Shedding a little light on Monday’s announcement

Shedding a little light on Monday’s GDC announcement.

Most of our readers should have some familiarity with GameWorks, which is a series of libraries and utilities that help game developers (and others) create software. While many hardware and platform vendors provide samples and frameworks, taking the brunt of the work required to solve complex problems, this is NVIDIA's branding for their suite of technologies. Their hope is that it pushes the industry forward, which in turn drives GPU sales as users see the benefits of upgrading.

This release, GameWorks SDK 3.1, contains three complete features and two “beta” ones. We will start with the first three, each of which target a portion of the lighting and shadowing problem. The last two, which we will discuss at the end, are the experimental ones and fall under the blanket of physics and visual effects.

The first technology is Volumetric Lighting, which simulates the way light scatters off dust in the atmosphere. Game developers have been approximating this effect for a long time. In fact, I remember a particular section of Resident Evil 4 where you walk down a dim hallway that has light rays spilling in from the windows. Gamecube-era graphics could only do so much, though, and certain camera positions show that the effect was just a translucent, one-sided, decorative plane. It was a cheat that was hand-placed by a clever artist.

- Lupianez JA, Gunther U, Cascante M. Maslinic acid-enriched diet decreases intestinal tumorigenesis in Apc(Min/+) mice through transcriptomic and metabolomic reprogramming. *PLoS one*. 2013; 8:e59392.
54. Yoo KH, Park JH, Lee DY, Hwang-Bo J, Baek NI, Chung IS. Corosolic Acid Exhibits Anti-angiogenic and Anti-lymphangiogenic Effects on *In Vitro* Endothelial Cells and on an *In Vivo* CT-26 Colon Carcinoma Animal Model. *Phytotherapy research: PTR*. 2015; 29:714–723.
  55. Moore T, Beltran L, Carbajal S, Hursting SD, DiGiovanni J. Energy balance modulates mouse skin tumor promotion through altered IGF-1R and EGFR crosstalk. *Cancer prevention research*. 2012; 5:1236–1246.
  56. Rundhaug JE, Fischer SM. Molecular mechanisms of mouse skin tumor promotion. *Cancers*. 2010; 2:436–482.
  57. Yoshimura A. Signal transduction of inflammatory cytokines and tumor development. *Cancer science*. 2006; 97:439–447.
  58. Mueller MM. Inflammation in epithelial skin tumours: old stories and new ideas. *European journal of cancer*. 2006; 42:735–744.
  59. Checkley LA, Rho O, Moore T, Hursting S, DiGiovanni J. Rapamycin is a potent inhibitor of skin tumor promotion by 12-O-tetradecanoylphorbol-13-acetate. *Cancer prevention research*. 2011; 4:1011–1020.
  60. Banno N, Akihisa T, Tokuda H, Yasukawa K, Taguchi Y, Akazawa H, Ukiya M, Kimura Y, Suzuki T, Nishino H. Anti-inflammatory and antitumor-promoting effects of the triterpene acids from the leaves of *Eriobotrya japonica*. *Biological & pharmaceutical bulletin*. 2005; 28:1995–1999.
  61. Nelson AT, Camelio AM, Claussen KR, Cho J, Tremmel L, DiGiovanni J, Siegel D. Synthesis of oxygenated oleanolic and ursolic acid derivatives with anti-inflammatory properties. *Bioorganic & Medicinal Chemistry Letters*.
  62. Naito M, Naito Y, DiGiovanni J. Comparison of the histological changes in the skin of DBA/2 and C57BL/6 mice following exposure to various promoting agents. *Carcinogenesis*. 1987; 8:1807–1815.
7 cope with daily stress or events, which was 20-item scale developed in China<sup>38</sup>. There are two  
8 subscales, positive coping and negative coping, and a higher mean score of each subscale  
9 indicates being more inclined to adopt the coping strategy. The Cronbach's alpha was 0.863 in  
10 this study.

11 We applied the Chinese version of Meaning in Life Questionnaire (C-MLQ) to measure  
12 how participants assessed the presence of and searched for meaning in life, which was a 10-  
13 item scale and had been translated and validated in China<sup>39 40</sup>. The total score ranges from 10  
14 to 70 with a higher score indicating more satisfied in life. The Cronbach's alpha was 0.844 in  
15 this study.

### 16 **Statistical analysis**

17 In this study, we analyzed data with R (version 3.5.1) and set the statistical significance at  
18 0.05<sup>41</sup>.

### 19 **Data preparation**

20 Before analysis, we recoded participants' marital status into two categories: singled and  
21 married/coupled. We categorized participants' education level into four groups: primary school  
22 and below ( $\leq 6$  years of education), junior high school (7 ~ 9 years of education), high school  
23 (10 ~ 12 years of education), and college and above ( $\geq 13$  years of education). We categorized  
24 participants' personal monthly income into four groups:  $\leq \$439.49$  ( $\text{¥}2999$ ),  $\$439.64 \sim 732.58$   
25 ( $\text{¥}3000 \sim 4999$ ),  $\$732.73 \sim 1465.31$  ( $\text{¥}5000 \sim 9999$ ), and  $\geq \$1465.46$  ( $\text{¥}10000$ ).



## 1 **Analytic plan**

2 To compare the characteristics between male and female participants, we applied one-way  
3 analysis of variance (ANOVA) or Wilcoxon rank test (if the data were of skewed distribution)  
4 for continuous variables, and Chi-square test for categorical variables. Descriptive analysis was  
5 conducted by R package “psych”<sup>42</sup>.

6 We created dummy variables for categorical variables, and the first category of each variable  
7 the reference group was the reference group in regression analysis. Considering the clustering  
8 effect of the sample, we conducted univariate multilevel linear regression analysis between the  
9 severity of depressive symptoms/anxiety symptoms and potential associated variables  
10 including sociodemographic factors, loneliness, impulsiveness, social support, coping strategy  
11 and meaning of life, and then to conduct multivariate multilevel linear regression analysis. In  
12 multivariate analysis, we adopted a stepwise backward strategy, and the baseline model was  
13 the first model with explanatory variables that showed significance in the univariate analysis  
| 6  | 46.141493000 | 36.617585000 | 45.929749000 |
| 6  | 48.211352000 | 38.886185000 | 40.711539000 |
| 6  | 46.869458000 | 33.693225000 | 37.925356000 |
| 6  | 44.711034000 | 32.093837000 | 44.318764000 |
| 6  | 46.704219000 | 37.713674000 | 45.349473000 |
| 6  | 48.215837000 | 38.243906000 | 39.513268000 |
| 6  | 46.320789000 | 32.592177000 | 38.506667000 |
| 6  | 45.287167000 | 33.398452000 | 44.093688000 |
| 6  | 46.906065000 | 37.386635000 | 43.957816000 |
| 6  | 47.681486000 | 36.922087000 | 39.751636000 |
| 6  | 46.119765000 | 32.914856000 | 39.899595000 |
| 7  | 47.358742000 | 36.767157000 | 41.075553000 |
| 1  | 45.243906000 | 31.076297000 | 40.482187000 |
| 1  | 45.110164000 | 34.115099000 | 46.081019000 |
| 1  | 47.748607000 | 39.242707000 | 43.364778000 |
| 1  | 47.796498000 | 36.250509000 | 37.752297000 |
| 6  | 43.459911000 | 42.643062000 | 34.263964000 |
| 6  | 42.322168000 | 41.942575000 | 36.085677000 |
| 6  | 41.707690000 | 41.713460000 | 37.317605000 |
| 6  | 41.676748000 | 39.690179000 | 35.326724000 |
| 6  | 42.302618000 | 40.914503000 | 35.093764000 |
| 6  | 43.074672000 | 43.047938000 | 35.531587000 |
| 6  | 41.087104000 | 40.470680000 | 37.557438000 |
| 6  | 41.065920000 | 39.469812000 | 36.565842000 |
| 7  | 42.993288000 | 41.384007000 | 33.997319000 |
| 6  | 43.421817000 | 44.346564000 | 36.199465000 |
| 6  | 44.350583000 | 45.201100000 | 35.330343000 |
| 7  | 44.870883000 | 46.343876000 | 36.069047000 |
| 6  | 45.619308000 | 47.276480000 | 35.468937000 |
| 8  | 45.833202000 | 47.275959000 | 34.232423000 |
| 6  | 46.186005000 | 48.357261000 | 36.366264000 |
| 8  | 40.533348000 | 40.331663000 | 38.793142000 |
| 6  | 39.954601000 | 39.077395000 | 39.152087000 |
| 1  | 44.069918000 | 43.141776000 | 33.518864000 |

GameWorks' Volumetric Lighting goes after the same effect, but with a much different implementation. It looks at the generated shadow maps and, using hardware tessellation, extrudes geometry from the unshadowed portions toward the light. These little bits of geometry sum, depending on how deep the volume is, which translates into the required highlight. Also, since it's hardware tessellated, it probably has a smaller impact on performance because the GPU only needs to store enough information to generate the geometry, not store (and update) the geometry data for all possible light shafts themselves — and it needs to store those shadow maps anyway.

Even though it seemed like this effect was independent of render method, since it basically just adds geometry to the scene, I asked whether it was locked to deferred rendering methods. NVIDIA said that it should be unrelated, as I suspected, which is good for VR. Forward rendering is easier to anti-alias, which makes the uneven pixel distribution (after lens distortion) appear more smooth.

Read on to see the other four technologies, and a little announcement about source access.